Shattuck Lecture: A Better Way to Drug Development

The pharmaceutical and biomedical research industry have had many successes over many years, curing and eradicating diseases, prolonging and enhancing life. Such success has entailed years of testing and trials and millions and even billions of dollars.


Dr. Janet Woodcock

Today, however, the development and costs of new drugs have become two of the most difficult – and sometimes controversial – topics in medicine today.  The cost of developing even a single drug can run into the billions of dollars; the cost of one life-saving therapy can erase the life savings of a patient.  Such conditions have brought the pharmaceutical industry under scrutiny and under fire.

However, even with so many triumphs, says Janet Woodcock, M.D., “the biomedical research enterprise is surprisingly ineffective at improving health and treating disease, given our level of investment in it.”

Dr. Woodcock, Director of the Center for Drug Evaluation and Research at the Food and Drug Administration, shared her thoughts on drug development programs as she delivered the 2016 Shattuck Lecture, Lost in Translation: The Path from Scientific Discover to the Clinic, presented by the MMS Committee on Publications and the NEJM Group as part of the MMS annual meeting today.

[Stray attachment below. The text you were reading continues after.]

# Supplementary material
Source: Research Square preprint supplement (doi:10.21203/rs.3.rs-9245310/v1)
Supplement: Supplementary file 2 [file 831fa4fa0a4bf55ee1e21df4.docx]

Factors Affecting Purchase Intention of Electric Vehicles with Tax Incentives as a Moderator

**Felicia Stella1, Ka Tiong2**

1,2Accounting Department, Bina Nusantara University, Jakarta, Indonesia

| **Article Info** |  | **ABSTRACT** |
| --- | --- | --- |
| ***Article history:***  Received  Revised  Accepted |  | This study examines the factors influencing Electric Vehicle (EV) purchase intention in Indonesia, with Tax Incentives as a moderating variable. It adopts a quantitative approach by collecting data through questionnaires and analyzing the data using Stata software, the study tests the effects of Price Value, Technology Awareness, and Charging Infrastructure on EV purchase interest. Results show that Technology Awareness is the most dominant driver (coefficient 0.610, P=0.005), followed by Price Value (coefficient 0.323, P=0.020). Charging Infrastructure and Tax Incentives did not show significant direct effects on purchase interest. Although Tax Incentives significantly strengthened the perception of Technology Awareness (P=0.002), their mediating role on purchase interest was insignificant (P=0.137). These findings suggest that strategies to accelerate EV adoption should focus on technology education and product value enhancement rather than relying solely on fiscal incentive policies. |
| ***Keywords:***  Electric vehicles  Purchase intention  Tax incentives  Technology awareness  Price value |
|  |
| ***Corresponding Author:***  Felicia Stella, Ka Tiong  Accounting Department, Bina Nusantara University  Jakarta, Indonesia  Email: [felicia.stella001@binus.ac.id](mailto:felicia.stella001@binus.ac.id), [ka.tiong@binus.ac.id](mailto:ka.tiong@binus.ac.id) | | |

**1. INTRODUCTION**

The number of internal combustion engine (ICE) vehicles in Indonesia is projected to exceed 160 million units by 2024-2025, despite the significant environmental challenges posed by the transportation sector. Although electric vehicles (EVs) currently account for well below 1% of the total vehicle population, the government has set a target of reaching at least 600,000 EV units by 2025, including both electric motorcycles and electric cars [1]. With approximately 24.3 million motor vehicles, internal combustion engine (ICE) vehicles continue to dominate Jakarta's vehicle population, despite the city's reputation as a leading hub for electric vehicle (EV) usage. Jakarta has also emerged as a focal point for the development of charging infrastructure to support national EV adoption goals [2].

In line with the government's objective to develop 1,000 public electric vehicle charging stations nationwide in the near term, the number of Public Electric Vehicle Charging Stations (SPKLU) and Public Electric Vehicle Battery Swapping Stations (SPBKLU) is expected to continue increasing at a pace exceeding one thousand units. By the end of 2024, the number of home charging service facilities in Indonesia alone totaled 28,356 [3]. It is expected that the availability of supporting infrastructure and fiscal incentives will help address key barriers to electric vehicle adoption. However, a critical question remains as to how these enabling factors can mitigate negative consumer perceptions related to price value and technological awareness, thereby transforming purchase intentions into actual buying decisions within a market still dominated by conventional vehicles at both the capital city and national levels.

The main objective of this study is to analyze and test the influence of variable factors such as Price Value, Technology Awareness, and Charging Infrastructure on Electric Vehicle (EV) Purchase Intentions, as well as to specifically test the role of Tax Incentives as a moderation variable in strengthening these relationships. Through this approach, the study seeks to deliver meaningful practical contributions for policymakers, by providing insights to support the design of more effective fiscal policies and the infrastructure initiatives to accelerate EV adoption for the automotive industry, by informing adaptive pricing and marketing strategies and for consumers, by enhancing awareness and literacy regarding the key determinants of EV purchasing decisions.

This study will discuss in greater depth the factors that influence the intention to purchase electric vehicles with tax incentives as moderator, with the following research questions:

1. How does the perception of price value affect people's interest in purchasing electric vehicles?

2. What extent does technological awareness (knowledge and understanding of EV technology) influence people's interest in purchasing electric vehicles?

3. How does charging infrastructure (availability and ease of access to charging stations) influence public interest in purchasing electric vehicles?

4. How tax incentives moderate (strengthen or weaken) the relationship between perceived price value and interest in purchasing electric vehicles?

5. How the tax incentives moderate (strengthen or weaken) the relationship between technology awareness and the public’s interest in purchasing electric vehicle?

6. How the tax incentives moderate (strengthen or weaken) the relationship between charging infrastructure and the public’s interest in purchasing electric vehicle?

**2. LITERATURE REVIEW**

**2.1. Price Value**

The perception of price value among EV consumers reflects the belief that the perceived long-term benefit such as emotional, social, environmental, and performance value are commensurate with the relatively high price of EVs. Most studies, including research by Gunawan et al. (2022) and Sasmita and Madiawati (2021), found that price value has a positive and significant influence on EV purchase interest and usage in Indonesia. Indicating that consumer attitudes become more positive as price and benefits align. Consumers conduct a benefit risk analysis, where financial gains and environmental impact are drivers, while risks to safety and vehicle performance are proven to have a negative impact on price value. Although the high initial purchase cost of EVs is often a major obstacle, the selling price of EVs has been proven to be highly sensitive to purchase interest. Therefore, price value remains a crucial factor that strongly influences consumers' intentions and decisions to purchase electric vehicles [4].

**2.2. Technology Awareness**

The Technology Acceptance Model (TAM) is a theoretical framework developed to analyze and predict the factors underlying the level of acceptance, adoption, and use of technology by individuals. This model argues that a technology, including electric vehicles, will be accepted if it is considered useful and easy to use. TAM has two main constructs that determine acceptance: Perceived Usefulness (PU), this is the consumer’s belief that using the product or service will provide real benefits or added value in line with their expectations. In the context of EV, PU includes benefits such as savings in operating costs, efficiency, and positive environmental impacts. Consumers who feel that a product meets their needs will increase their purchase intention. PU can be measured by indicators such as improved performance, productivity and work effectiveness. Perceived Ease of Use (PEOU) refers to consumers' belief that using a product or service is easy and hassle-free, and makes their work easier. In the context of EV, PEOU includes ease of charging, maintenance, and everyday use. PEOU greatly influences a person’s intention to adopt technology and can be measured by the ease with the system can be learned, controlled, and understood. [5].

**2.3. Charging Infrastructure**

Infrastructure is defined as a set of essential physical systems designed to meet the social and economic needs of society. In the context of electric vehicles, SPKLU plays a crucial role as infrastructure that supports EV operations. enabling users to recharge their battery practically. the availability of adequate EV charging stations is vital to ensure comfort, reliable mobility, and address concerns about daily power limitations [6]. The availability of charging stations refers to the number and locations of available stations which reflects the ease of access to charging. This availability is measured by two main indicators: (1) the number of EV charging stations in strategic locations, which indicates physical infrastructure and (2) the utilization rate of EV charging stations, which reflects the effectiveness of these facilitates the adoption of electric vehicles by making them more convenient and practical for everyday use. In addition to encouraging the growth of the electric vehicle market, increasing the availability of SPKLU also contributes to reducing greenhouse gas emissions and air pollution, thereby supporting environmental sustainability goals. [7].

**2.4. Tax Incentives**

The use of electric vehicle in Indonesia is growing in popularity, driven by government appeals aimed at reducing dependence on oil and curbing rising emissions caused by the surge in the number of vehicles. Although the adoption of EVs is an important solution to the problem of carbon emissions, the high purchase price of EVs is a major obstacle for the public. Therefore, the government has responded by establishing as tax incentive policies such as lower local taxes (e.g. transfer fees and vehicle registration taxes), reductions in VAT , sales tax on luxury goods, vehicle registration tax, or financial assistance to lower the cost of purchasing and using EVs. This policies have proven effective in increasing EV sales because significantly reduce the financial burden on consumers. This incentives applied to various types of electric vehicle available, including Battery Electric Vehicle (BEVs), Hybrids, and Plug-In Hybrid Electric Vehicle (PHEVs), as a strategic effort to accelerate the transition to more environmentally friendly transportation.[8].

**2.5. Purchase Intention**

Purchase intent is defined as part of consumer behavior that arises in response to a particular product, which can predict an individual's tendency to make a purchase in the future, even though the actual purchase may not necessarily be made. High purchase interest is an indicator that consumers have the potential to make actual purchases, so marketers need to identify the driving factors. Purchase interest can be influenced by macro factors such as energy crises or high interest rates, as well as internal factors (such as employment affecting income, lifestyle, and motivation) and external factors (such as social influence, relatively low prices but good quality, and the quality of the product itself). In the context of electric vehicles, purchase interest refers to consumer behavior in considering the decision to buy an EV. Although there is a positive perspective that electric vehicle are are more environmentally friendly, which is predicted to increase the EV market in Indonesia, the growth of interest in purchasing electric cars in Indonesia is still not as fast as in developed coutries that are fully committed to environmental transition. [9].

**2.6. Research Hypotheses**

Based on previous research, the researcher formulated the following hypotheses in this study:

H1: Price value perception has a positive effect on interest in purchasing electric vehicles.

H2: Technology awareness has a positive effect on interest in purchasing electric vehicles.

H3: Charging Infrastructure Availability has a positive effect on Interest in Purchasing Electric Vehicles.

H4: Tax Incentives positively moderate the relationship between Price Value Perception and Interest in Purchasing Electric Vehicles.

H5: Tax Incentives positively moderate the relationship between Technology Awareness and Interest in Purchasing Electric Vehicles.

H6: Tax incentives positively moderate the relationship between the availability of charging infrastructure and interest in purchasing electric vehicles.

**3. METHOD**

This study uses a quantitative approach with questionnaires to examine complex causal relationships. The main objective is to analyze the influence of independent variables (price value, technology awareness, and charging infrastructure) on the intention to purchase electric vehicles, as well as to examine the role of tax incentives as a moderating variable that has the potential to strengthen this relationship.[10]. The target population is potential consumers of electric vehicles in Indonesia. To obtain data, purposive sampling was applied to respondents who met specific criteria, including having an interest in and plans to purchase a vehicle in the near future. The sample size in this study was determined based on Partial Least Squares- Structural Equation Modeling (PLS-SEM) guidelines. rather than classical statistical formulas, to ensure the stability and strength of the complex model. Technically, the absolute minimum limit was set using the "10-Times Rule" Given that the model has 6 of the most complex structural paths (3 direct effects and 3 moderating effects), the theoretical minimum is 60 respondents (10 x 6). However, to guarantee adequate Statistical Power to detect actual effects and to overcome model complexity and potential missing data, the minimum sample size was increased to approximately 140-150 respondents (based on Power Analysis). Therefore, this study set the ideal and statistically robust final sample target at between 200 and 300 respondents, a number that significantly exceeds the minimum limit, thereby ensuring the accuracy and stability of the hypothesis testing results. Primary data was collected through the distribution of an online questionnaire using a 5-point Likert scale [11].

She offered her perspectives – and some recommended solutions – to improve scientific discovery based on her 30 years of observing thousands of attempted drug development programs, both commercial and academic, while at the FDA.

Dr. Woodcock was clear and direct in her analysis: “Multiple systemic flaws impede generational knowledge,” she stated. “Medicine must take back ownership of clinical evidence development.”

The shortcomings in the system, she says, are the result of three problems in biomedical research: a lack of reliable basic scientific information to support development program; the absence of a robust translational infrastructure to develop and assess tools and drug candidates; and the inability of clinical medicine to create effective systems to generate evidence.

Despite the flaws, Dr. Woodcock believes opportunity for change and improvement exists.  “The system we have successfully operated for many years is under severe stress,” she declares, “and transformative change is needed.  New structures and technologies will provide opportunities.”

“Transformation of clinical research would be challenging with many obstacles,” she notes, “but the payoff might be worth it.” Among the benefits would be rapid and efficient generation of clinical evidence, patients as active participants in the clinical research enterprise, the integration of research into healthcare, and more effective and clinically relevant evaluations of new products and other interventions.

For more observations from Dr. Woodcock and a sampling of her recommendations for a better way forward, view her presentation here.



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